“Why would we do that? We will sit outside and you can go in and search our room.”

Days later the scissors were found under the rug in her own room. Another time she accused us of stealing her cutlery. Moallem had got us a few spoons and knives. I told her to search the room, look at the ones we had and figure out if we had hers. She found nothing. She harassed us. It was hard. These people were members of the Saazman. Everything was communal and shared. It was very hard. Those with status got everything. Those at the bottom suffered. From there we went to live in the house of the Punjabis in Nechari, in the upper floor. The owners lived downstairs. They kept sending their kids upstairs telling us to stop you and Abdul from walking around:

“Baba is asleep downstairs.”

We were new. Work was scarce. Finding a place to live was very difficult. People saw us for our appearance, for what we wore, for the things we had. We left behind a herd of cattle, plenty of food, farm, bags of rice and wheat at home. We had come to a place where we had nothing. We had left behind a house full of food at home and had come to a place where there was none. We had no pillows and had to sleep on the floor. Often all we had for a meal was tea, sugar, and bread. *Thalkh-Thorosh = Thalkh – Bitter; Thorosh – Sour; Hazaragi dish. *Saazman = Political party/organisation *Ser = Unit of measurement equal to 7 kilos *Watan = Farsi/Arabic for homeland

Stories My Grandmother Told Me – 11

At noon we reached Lashkirai, a small dusty town controlled by the Hezb-e-Islami group. We were afraid. We were also carsick; so carsick that we almost forgot we were afraid. We had tea. I got better, and afraid again. We journeyed on. We spent the night in Moqor waiting for a caravan of large trucks to travel along to escape the bandits, the Kuchis and the Mujahideen.

The following evening, we stopped by an isolated mud-house hotel by the road. The late Qambar Ali asked if we wanted to eat. We didn’t want to eat, and for that sin the hotel owner didn’t let us in. We had to spend the night sleeping over one another inside the crammed car. Qambar Ali and Qadeer stood outside and guarded the car all night. At day break, we hit the open plains and the car jumped up and down and swayed from side to side as it crept towards the unknown.

That evening, just as the darkness fell upon us, the sound of bullets cracked from all directions, our vehicle was being shot at. We screamed and hugged one another. We were told to keep our heads low. The car sped up. It raced through the open plains as fast as it could. The crackling died down and we survived. Qambar Ali pointed at a far away light: “Those are Kuchis. They wanted us to stop. They would have shot us either way”. We journeyed on.

At noon the next day, along a narrow pass, the car was stopped by an armed Pashtun man who stood straight in the middle of the road, guns blazing. He demanded that we let him travel in the car or he would kill us all. The man from Sabz Chob jumped out of the vehicle, raised his rifle and challenged him. They yelled at each other a few times before the Pashtun man let us go. As the car left, the guns remained blazed and ready to shoot. We were scared. Nothing happened.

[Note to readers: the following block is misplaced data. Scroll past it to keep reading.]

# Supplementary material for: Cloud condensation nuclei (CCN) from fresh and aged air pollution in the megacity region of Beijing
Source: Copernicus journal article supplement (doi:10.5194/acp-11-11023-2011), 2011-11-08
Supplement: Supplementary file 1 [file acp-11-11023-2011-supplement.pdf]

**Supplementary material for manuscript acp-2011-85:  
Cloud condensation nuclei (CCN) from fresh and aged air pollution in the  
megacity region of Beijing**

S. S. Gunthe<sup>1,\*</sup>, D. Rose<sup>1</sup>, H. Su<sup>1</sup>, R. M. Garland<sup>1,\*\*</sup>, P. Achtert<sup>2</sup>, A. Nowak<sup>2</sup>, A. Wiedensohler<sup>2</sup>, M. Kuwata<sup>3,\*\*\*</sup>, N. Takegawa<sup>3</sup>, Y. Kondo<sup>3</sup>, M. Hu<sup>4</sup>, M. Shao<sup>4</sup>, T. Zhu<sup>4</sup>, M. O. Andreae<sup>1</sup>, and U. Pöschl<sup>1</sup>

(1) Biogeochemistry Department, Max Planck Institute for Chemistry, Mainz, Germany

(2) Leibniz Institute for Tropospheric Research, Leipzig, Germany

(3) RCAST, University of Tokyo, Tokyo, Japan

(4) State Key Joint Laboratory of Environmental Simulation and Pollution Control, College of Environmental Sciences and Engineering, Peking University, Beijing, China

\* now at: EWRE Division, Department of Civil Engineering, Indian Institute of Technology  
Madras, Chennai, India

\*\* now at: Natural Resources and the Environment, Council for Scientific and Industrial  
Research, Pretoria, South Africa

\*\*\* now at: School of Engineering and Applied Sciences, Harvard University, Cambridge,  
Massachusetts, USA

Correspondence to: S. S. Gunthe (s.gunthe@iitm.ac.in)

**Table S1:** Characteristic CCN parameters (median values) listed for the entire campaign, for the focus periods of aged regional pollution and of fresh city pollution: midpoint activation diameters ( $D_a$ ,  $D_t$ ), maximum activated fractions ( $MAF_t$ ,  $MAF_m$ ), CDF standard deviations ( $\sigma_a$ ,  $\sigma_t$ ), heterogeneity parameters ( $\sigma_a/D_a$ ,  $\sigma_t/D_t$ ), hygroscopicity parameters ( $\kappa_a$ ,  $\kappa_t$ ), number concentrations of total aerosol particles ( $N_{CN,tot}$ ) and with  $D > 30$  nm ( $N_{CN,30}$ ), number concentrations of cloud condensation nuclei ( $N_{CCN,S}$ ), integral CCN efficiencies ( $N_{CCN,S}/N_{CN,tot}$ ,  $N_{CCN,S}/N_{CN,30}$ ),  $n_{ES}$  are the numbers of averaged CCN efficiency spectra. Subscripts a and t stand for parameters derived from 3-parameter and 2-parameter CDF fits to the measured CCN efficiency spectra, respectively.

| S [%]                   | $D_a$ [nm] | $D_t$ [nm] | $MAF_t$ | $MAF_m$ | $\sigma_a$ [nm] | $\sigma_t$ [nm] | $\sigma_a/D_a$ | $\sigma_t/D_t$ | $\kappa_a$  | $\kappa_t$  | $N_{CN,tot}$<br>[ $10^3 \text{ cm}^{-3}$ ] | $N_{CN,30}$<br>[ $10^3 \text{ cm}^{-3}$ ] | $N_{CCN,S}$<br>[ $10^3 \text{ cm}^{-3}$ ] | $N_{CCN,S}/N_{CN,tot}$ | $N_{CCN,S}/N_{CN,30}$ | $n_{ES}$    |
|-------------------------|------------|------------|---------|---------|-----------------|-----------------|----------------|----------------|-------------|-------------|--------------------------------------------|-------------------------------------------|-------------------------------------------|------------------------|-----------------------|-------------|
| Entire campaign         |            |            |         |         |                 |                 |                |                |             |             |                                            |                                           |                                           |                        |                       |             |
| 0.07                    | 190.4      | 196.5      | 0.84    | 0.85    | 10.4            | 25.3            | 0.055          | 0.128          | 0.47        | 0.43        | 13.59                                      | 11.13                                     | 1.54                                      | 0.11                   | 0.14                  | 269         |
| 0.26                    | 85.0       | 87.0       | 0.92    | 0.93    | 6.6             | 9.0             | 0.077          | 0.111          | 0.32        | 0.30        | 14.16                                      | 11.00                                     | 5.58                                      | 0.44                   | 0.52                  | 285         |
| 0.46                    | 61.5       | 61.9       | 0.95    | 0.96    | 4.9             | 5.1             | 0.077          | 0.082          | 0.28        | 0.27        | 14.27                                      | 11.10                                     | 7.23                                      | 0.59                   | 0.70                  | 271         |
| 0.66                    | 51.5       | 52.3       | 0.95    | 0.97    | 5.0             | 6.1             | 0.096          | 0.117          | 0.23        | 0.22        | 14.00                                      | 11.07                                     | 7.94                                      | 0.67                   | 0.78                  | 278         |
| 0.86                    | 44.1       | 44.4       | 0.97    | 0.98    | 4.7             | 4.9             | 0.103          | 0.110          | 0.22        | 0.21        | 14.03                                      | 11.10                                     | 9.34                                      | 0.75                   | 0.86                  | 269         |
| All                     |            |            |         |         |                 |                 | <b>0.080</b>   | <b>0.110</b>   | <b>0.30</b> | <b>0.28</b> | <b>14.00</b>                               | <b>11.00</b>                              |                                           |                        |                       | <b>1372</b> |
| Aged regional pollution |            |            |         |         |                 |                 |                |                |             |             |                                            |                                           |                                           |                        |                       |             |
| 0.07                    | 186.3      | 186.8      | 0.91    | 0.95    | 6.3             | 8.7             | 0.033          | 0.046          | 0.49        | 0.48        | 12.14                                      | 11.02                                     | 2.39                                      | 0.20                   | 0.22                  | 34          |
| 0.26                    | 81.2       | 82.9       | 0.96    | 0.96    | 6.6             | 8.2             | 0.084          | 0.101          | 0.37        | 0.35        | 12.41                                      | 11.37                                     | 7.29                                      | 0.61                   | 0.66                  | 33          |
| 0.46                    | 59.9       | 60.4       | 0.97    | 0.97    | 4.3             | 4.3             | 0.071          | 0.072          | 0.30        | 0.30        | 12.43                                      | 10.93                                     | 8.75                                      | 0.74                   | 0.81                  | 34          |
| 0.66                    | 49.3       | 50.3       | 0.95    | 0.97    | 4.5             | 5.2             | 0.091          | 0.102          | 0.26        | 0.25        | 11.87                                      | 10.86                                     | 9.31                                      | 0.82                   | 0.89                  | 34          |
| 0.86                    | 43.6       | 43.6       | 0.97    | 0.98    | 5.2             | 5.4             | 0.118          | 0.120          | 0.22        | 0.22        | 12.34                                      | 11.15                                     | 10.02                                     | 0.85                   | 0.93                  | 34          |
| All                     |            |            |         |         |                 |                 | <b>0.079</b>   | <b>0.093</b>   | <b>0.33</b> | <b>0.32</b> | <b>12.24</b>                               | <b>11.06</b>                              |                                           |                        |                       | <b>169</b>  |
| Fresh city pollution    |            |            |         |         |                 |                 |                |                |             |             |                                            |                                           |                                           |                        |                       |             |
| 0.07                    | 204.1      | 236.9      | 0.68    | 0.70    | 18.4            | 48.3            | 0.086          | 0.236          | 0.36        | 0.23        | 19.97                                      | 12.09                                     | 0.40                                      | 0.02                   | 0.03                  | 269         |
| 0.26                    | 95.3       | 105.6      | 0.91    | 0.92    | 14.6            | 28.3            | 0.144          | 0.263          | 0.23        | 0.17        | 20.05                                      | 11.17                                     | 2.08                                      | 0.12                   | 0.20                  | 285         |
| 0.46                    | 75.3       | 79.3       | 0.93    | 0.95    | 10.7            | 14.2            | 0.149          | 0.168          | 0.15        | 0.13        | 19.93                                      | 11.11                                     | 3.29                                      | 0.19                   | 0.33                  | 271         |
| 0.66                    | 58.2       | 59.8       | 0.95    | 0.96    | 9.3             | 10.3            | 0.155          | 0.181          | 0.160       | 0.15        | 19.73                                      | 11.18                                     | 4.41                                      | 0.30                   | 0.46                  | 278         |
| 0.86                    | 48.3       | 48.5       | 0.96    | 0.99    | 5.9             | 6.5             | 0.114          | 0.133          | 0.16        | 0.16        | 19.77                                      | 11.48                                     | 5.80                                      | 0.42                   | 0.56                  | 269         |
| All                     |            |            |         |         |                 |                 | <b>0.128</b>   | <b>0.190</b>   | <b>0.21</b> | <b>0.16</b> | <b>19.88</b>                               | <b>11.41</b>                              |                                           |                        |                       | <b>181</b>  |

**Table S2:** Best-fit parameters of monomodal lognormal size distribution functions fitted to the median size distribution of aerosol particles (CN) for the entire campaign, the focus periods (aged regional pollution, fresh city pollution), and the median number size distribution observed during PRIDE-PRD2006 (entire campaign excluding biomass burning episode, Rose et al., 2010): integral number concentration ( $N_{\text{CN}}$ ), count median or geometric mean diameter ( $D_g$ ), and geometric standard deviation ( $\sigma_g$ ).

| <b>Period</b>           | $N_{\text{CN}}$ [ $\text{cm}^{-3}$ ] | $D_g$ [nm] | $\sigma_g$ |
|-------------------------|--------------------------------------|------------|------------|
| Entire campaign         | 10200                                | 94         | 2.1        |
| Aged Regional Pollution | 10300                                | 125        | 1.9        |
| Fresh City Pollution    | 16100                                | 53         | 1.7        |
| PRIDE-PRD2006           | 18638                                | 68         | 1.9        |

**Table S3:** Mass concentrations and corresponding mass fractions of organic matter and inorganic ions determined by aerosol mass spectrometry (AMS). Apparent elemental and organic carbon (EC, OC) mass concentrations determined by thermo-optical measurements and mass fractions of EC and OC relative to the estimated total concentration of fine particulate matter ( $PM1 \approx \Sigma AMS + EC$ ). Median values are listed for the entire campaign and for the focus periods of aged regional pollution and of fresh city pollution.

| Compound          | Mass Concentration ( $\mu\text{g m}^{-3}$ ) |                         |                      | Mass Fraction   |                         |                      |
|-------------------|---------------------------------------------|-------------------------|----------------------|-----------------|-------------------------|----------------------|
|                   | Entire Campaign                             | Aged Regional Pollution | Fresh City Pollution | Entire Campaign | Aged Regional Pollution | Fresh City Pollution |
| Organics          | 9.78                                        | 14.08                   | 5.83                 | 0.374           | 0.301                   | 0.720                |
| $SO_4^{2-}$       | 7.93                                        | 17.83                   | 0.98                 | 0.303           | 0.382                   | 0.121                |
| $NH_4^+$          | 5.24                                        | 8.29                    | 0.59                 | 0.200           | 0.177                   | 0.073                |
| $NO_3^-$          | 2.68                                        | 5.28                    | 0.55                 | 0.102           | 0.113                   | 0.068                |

At dawn the next day, we arrived at a little green wadi rich with vegetation and rain water. It was close to the border. We stopped, all got out of the car, and laughed at one another. We were covered head to toe in white soft dust and looked like ghosts. We had evaded death, we were homeless but we were happy that we had survived.

 


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“If writing novels is like planting a forest, then writing short stories is more like planting a garden.”
Haruki Murakami

Stories My Grandmother Told Me – 10

That early morning, in complete darkness and with heavy hearts, we crossed the Jaar pass, leaving behind everything we had. There were no goodbyes, no kisses, just tears.

The day before, we had made Qorti for lunch when Moallem appeared on our doorstep. I thought that in your father’s absence, he was there to help us prepare for the harvest, but the expression on his face said otherwise. I still remember his words:

“Mamoor has sent over Qambar Ali and another person from Sabz-Chob to take you all to Pakistan. You have been told to pack some food, clothes and nothing else. Don’t tell anyone, not even your daughters. If the commander finds out, he will stop you”.

He said we would leave through Lomo. He returned later that night to tell us that the roads through Lomo were too dangerous because the commander’s men had been seen in the market there. We were to leave through Sang-e-Shanda instead. My heart was not in the right place but I nodded in agreement.

I got up early that morning to pray before departure. I walked down to the spring for ablution but when I returned, I saw Moallem waving at me from behind the house. We had no time. Moallem picked your sleeping brother out of his cradle. I picked you up, and we all left. Thus began our journey into the unknown. There were no goodbyes, no kisses, just tears. Hadi jan, that’s how we left the only home we had ever known.

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Stories My Grandmother Told Me – 2

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In the days when I was young, people didn’t travel much. They thought the world was a small place. Aatay Madi from the village had been to Shalkot – these days people call it Quetta. The people in the village and the surrounding villages called him Ali Ahmad Shalkoti. We had heard of the towns and the cities. We had never heard of a place called Pakistan. Things have changed so much since the days when I was young. The world is so big, aadami so small.

*Aadami = Farsi/Urdu for Man